For the study, simultaneously published in the New England Journal of Medicine, Zenati and colleagues randomized 1,150 CABG patients from 16 Veterans Affairs cardiac surgery centers to either open (n = 574) or endoscopic saphenous-vein-graft harvesting (n = 576) between March 2014 and April 2017. Notably, all operators performing endoscopic harvesting were classified as experts, meaning that they had done more than 100 of these procedures and had a lower than 5% conversion rate.

There were no observed differences in MACE (HR 1.12; 95% CI 0.83-1.51) or its individual endpoints during a median follow-up of 2.78 years.

Outcomes by Vein-Graft Harvest Method on Follow-up


Open Harvest

(n = 574)

Endoscopic Harvest

(n = 576)

P Value

















There were, however, fewer leg wound infections (1.4% vs 3.1%), less need for a visiting nurse to dress leg wounds (1.2% vs 3.7%), more patients reporting no leg incision pain (79.1% vs 62.2%), and fewer antibiotics needed at 6 weeks (4.6% vs 14.4%) with endoscopic harvesting (P < 0.05 for all).

‘Better Patient Satisfaction’

Discussing the study, Marc Ruel, MD, MPH (University of Ottawa Heart Institute, Canada), said “there’s no question that the trial was needed” given that endoscopic harvesting is so popular, with up to 70% of US and Canadian operators opting for this approach. “It has been shown to be associated with less pain, less infection, and better patient satisfaction,” he said, noting that prior studies like PREVENT IV have left the question open as to whether endoscopic vein-graft harvesting leads to decreased patency and higher death rates.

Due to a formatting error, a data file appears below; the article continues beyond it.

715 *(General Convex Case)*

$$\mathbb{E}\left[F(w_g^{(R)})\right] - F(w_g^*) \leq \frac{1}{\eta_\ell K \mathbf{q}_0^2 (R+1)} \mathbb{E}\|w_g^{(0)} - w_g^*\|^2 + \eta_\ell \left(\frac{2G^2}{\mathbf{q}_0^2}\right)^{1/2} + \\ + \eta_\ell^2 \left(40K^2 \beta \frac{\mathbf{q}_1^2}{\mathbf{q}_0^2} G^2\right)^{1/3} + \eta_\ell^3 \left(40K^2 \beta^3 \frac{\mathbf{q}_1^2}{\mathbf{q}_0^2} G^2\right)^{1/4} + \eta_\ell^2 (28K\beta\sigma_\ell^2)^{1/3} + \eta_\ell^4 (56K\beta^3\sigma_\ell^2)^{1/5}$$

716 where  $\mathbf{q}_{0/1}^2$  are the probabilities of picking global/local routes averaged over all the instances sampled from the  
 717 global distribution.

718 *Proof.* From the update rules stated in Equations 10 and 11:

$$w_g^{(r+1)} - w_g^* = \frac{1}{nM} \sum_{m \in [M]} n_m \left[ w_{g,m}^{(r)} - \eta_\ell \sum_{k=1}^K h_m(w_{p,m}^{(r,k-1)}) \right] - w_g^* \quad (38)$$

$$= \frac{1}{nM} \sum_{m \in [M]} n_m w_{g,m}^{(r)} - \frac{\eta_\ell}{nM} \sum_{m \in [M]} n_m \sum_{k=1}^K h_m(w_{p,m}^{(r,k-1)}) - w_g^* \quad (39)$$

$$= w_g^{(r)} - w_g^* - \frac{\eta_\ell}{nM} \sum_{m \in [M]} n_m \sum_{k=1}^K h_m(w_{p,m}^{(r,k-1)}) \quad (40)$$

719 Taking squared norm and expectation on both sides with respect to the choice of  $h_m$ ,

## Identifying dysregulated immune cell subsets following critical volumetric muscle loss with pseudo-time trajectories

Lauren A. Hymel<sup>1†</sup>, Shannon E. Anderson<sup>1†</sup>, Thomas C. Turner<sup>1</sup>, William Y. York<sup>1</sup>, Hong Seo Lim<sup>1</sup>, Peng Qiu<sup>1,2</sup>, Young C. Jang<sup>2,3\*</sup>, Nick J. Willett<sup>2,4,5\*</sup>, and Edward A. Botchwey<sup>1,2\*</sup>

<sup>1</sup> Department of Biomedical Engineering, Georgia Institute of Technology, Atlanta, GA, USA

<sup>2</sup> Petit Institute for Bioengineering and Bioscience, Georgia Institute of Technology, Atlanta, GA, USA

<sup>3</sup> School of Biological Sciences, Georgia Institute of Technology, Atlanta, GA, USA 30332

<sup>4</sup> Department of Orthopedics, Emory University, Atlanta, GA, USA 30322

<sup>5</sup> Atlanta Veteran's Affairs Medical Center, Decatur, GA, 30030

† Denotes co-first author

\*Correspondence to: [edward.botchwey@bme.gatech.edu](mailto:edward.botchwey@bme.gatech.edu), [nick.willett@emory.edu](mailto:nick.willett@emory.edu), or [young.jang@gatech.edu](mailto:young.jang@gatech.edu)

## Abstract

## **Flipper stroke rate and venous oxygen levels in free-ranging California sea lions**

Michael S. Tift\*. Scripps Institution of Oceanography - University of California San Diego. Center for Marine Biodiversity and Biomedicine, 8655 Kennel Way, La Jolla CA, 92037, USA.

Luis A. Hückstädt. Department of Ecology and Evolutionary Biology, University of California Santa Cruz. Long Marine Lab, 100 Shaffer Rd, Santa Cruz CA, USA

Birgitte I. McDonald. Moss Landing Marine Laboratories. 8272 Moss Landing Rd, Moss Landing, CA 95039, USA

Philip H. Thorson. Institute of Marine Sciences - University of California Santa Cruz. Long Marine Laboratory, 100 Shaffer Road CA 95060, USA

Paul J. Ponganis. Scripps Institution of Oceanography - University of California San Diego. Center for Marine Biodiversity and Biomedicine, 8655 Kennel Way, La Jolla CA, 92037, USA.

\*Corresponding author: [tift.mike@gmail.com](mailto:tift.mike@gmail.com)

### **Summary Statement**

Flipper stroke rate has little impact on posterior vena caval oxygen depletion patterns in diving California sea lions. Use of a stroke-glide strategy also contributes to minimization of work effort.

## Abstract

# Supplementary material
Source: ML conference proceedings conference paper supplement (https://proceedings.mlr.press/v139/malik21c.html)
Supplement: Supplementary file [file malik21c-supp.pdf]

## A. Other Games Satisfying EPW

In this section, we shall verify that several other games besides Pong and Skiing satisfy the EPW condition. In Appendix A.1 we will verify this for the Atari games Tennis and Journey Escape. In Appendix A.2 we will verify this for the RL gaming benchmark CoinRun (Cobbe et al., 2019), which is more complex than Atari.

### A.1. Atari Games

“REGROUP is very important [because it] showed that endoscopic vein harvest is as good as open vein harvest for prevention of major adverse cardiac events, which is essentially the goal after coronary artery bypass surgery,” Ruel observed, though he emphasized the fact that these procedures were done at expert centers during on-pump CABG. “I believe this is a definitive trial,” he said. “There was certainly no trend towards more events with endoscopic vein harvest. In fact, there were very few sources of bias.”